Solo mother fighting closure of small rural school

Hurleyville School is closing down after almost 125 years. Sarah Hampton, center, was the last principal at the school ...
PETRA FINER

Hurleyville School is closing down after almost 125 years. Sarah Hampton, center, was the last principal at the school before she left in December.

A solo mother is still fighting to keep her children's tiny school open, despite the Ministry of Education supporting the school board's decision to close it.

Hurleyville School in rural South Taranaki opened almost 125 years ago but is facing closure after having just seven students on its roll at the end of last year.

Some have since enrolled at other schools - bringing the number down to three.

Paula Gray said it was the best school for her two children and she wouldn't think of sending them anywhere else.

While at the school her son Dane, 6, had excelled in his reading while her daughter Hunter-Lilley, 9, had also done well.

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At the beginning of December, Hurleyville School's Board of Trustees (BOT) called a meeting to discuss the future of the South Taranaki school, which recently lost its teaching principal.

With only two or three weeks to go until schools begin to open again after the holidays, Gray and her neighbour, Jaynie Abbis, whose son attends the school, said they had been left in the dark around whether there would still be a school to send their children to.

Schools can choose to open anytime between January 30 and February 7.

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While Deb Jones, the BOT chairwoman, had told them the school was due to be closed, they were yet to receive anything in writing and they would be dropping their children off at the school gate on January 30.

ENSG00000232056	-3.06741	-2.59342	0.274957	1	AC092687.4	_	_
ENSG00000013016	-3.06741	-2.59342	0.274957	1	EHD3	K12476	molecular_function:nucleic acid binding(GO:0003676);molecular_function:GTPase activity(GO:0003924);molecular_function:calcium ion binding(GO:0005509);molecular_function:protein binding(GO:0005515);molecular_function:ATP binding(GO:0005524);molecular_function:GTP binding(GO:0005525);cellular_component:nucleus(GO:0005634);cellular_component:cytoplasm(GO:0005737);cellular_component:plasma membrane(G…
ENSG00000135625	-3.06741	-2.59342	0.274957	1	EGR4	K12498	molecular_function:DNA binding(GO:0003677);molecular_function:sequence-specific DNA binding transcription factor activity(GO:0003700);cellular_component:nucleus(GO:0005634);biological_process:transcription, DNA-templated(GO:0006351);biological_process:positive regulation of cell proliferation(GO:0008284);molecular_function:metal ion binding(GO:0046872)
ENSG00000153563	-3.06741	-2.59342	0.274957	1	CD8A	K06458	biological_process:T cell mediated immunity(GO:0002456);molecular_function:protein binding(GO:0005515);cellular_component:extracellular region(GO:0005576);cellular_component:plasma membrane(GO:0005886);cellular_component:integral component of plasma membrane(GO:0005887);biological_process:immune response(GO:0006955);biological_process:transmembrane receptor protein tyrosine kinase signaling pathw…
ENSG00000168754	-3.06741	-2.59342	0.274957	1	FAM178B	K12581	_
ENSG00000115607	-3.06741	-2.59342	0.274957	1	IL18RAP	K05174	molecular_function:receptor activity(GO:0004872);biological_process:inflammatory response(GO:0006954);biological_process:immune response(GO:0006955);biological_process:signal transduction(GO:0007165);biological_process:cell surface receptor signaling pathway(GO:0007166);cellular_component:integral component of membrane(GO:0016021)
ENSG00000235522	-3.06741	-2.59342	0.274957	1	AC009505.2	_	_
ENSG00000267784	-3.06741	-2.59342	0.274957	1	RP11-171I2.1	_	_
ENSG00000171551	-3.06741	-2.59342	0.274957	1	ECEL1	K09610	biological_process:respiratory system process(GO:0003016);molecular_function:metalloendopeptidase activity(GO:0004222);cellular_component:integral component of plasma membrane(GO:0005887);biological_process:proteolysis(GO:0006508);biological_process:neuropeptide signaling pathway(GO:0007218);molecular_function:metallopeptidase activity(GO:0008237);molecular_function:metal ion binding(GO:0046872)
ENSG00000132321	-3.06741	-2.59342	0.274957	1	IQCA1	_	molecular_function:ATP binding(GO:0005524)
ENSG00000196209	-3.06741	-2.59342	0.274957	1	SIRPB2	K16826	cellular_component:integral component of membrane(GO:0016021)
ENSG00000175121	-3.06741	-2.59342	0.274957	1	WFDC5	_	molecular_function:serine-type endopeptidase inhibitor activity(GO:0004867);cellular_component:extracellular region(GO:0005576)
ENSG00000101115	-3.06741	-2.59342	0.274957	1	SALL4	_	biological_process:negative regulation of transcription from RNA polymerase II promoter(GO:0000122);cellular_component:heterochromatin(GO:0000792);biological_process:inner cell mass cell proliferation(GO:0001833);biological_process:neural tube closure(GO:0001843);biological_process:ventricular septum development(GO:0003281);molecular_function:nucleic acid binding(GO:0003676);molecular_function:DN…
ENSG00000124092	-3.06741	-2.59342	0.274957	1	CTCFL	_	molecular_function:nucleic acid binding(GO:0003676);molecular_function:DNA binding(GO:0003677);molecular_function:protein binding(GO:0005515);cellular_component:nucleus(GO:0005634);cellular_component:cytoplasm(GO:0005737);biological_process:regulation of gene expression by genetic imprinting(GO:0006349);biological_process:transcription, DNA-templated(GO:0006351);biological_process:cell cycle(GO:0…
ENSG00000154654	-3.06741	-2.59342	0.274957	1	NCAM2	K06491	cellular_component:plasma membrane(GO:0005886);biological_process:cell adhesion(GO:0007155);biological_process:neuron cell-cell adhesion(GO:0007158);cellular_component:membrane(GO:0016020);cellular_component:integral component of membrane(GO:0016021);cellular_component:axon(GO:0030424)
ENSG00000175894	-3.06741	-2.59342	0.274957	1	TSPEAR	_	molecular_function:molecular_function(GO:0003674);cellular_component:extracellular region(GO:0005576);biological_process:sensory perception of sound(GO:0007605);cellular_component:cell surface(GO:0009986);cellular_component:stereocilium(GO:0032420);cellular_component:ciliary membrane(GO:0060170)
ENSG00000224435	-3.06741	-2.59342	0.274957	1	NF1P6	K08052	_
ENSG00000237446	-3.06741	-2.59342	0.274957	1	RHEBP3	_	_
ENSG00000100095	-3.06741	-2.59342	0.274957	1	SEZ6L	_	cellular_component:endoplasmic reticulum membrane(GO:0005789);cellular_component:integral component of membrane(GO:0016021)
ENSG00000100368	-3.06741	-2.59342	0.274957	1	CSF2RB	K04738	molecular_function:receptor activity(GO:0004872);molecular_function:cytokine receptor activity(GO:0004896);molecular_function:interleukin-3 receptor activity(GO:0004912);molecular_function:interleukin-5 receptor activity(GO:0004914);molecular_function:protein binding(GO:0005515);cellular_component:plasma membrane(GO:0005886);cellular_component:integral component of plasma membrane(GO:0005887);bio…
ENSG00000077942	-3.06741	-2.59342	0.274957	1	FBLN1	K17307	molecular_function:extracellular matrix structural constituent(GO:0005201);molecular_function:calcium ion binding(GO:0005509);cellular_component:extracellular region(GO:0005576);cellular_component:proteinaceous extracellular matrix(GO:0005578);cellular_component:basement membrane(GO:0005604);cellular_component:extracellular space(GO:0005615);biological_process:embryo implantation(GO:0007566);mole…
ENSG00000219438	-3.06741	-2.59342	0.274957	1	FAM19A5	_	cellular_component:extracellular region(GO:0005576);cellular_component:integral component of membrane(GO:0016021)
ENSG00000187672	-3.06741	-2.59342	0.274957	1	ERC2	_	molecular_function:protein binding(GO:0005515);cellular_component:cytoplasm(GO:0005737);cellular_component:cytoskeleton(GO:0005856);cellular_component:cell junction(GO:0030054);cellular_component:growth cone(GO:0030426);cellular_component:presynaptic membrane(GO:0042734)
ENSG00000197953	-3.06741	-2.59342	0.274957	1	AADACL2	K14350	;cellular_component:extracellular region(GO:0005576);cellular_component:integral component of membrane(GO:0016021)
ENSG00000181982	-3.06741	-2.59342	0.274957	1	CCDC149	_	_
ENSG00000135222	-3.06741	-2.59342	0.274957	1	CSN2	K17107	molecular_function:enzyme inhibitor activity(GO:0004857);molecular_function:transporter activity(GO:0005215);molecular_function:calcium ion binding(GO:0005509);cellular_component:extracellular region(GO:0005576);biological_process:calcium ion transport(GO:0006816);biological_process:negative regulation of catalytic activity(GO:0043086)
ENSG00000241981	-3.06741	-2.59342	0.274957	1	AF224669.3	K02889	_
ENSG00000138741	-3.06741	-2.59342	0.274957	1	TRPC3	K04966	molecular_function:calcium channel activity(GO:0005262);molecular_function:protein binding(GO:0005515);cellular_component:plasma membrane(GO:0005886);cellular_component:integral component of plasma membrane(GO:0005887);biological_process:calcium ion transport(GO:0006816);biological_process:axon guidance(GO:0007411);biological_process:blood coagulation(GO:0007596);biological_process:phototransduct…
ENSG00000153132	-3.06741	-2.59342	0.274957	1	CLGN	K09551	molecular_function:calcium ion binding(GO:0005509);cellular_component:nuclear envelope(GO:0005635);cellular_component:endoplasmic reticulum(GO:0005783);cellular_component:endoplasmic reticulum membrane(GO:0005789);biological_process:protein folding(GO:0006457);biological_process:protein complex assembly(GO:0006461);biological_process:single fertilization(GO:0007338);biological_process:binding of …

Gray said she wanted to fight the closure for her children but had been bounced around by the BOT, the ministry and Minister of Education Hekia Parata's office.

"I don't know how to fight it, I don't know who to go to," she said.

The decision to close had been taken away from the last parents with students at the school, the women said, because all the other parents had since enrolled their youngsters at other schools in the area.

Jones said her decision, and the decision of other board members, to move their students to another school wasn't related to the school's closure and was instead about making it easier for the individual families. 

To close the school, the BOT had to recommend to the Ministry of Education that it is no longer viable, which it did in December. 

Gray and Abbis said they would be happy to take over the positions on the BOT to keep it running and it still had some support from within the community.

If the school was allowed to stay open with only three students, it would become the one of the smallest schools in the country alongside Ngamatea School in Whanganui, which also had a roll of three students as of July 1, 2016.

Ministry of Education sector enablement and support, David Wales, confirmed it was going through the process of closing the school.

"The reason for this is that the school is no longer viable due to a falling roll and no population growth in the area, therefore there is very little likelihood of any new enrolments," he said.

"The board held a number of community consultation meetings before arriving at the decision.

"The board has applied to close on February 6 and we support the board's decision to close the school, but we need to work through our ministry process in the next week."

 - Stuff

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